Therefore one key to success is to think optimistically. That’s not always easy to do. We all face various hardships, some more than others. For example, a person may interview for a job only to have the prospective employer select another candidate. Or perhaps you set a performance goal for yourself at work and don’t achieve it. How do you view the outcome? It is easy to think pessimistically, telling yourself “This always happens. I’ll never (get hired/reach my performance goal)!” If you’ve been a victim of such negative thoughts (what a friend of mine calls “stinkin’ thinkin’”), how can you turn things around?
Whenever you have what Dr. Siegel calls “fortune-telling” (such as ‘I’m never going to get hired’) or “all or nothing” (‘I know my career is over because I didn’t hit my sales goal’) thoughts, you need to immediately take steps to correct your thinking. The article, “You Can Fight Pessimism,” says the first step is to recognize those thoughts as negative. Next, both articles encourage you to challenge your conclusions by looking for alternative explanations. By using specific facts, expose your negative thoughts for what they are: overreactions. Then revisit those same experiences and look at them more positively ( for example, ‘I didn’t have what that organization needs, but I know there’s a company that needs what I have!’ or ‘I was targeting the wrong demographic. Let me adjust my approach and nail my sales goal this time around!’).
The Connection Between Positive Thinking and Hope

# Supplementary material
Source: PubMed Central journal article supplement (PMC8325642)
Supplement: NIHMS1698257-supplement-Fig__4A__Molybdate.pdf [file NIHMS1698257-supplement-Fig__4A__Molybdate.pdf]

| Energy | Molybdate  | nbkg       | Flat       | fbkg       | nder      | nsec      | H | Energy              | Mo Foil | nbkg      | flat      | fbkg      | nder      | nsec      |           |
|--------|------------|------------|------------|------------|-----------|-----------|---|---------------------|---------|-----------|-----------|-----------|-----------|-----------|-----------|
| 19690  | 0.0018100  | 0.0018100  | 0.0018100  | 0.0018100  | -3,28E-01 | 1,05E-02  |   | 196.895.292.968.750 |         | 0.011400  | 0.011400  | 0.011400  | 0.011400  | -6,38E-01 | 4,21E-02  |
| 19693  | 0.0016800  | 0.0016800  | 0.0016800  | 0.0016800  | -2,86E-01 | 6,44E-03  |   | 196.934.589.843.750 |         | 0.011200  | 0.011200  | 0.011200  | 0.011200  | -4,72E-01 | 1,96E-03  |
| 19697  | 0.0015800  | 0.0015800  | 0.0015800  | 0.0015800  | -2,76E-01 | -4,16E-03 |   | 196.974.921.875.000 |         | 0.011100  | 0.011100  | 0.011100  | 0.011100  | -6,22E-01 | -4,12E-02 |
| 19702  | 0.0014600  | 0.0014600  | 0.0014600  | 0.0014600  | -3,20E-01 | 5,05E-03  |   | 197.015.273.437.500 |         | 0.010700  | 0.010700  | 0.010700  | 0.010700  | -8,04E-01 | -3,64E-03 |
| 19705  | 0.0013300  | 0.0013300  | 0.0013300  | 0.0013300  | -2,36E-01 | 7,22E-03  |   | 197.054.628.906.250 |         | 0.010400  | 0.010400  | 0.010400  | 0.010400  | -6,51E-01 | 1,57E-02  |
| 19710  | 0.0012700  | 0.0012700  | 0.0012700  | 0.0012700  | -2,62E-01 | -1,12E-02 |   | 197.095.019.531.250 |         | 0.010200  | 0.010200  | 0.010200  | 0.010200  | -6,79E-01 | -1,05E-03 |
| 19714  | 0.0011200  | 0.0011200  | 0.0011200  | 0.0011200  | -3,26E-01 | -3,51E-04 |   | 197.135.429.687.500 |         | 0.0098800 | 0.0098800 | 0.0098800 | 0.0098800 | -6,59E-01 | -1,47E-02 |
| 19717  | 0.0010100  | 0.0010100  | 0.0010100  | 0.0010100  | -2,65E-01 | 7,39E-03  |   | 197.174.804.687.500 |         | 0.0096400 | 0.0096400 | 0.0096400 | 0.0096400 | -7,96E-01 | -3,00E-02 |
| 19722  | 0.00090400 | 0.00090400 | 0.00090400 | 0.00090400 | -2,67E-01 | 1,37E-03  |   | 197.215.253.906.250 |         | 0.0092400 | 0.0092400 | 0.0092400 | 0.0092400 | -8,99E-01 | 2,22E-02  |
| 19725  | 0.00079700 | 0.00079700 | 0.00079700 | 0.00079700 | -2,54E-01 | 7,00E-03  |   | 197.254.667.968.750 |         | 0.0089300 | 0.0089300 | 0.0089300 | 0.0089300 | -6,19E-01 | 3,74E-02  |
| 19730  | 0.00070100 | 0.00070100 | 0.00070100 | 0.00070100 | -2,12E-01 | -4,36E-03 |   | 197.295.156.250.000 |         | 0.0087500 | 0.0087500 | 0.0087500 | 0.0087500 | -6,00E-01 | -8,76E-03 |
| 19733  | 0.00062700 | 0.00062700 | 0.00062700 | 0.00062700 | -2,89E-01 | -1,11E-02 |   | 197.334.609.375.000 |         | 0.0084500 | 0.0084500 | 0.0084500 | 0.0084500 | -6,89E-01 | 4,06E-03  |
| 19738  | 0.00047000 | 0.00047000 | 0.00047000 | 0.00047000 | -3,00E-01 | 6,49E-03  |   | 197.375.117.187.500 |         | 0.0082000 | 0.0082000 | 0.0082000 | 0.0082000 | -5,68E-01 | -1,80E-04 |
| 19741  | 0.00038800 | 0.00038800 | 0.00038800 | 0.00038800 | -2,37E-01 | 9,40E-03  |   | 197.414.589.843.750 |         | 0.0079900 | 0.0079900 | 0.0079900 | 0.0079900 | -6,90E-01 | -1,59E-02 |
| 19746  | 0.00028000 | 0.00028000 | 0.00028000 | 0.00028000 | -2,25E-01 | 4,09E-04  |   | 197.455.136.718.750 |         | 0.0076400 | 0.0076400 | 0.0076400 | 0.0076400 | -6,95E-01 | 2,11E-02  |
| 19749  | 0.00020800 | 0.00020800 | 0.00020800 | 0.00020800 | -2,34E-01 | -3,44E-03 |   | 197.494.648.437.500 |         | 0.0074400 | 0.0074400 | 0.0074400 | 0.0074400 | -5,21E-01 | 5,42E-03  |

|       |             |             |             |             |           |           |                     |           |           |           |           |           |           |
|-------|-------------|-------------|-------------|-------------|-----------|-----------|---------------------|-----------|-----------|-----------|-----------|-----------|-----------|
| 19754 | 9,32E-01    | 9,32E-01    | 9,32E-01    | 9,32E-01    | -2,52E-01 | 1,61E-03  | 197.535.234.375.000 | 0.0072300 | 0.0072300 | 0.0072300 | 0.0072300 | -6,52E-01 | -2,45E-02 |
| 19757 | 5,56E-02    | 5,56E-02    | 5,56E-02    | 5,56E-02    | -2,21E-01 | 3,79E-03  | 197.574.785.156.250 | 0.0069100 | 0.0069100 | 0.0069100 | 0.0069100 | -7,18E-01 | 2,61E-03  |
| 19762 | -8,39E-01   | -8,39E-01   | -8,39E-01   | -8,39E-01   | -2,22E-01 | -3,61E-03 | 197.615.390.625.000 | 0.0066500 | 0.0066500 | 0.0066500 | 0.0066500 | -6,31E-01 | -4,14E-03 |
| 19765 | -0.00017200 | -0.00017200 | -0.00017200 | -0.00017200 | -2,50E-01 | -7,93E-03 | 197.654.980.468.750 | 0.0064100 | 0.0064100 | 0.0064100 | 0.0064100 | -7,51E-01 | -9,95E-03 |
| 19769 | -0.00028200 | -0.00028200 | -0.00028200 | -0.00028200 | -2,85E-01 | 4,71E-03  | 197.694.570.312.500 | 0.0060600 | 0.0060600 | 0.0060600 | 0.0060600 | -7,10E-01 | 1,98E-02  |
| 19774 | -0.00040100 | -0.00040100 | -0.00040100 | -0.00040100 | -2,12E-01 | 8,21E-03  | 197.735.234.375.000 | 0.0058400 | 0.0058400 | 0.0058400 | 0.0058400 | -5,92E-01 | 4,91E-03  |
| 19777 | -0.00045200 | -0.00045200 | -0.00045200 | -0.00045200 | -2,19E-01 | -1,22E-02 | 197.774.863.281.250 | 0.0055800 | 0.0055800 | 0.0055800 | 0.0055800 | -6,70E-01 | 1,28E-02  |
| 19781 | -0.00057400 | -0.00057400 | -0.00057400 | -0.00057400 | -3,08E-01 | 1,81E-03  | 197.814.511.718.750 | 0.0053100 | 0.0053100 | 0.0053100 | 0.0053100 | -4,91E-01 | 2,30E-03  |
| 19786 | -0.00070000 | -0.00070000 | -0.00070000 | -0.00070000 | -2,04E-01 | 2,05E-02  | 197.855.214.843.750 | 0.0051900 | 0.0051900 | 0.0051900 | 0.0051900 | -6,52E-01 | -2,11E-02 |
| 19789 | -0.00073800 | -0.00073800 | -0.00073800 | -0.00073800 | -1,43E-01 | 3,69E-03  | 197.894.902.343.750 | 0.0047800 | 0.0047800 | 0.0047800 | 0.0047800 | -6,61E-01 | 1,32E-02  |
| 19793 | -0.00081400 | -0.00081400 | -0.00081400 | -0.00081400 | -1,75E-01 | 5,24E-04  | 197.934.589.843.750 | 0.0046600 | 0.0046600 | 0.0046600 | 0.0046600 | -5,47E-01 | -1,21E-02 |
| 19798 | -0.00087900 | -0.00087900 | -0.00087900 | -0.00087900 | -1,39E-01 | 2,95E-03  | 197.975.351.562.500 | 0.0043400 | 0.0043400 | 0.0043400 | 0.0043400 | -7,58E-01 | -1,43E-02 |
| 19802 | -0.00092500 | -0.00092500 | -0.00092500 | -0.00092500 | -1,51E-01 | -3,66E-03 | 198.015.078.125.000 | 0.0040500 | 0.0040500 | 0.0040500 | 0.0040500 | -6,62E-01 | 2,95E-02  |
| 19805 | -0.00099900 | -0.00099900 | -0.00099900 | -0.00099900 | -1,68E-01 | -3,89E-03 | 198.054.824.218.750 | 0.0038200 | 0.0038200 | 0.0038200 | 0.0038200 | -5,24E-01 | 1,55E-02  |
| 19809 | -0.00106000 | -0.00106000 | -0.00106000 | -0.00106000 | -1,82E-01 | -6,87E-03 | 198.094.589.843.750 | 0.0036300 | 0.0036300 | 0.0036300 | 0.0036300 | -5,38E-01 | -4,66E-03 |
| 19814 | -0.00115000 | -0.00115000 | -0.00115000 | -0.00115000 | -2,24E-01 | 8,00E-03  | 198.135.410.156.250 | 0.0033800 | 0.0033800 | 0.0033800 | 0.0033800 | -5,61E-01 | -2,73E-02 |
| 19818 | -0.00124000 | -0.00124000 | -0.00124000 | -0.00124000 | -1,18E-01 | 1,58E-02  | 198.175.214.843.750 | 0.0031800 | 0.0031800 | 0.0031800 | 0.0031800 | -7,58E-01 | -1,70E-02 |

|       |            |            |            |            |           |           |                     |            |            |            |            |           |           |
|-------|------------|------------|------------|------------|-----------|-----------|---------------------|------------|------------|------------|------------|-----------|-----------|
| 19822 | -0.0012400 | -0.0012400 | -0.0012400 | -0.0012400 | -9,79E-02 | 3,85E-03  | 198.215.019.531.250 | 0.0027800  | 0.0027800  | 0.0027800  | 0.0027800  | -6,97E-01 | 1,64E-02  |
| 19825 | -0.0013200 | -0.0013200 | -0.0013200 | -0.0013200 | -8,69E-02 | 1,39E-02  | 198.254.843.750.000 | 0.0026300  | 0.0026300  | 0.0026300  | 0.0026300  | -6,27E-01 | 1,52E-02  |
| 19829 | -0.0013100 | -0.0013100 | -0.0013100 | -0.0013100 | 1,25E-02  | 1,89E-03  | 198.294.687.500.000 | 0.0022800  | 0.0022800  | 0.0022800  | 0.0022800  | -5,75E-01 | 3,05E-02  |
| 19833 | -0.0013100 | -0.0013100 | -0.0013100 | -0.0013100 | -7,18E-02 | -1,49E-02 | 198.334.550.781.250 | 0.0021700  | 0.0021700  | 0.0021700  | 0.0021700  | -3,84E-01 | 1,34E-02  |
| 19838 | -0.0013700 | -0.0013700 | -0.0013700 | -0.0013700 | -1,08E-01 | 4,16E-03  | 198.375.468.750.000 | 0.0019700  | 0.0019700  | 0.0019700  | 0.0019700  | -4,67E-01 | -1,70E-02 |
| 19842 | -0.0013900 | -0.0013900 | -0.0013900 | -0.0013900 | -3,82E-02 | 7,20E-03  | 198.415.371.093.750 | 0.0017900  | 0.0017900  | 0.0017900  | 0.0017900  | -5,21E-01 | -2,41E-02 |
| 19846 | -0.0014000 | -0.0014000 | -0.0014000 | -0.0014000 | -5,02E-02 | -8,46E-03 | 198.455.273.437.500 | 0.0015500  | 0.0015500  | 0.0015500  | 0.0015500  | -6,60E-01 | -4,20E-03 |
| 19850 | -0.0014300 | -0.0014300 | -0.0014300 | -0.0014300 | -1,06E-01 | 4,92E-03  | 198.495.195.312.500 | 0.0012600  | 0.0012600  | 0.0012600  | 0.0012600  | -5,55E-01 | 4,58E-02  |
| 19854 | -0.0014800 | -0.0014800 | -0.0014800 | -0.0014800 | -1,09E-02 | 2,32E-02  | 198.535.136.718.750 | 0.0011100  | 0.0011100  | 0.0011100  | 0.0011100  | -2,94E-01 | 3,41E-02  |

The late C.R. Snyder, a professor at the University of Kansas with a PhD in Clinical Psychology, has extensively studied the value of hope. Commenting on Professor Snyder’s teachings, Joe Wilner discussed the concepts of “Waypower” and “Willpower” in an article appearing on the Psych Central website. They are part of Dr. Snyder’s Hope Theory, which essentially states that hope is the belief that you can find the means to achieve a desired goal coupled with the belief and motivation to use those means effectively. Additionally, the article “You Can Fight Pessimism” also mentioned Dr. Snyder’s research. It stated that the more hopeful you are impacts the type of goals you set as well as the number of goals towards which you work. In turn, the more goals you achieve increases your hopeful feelings. He encourages devising multiple ways to reach a goal. That way, if one route fails you can try another. Additionally, if you’ve set a large goal for yourself that is beyond your present ability, break it down into smaller things and tackle the ones you can manage at present.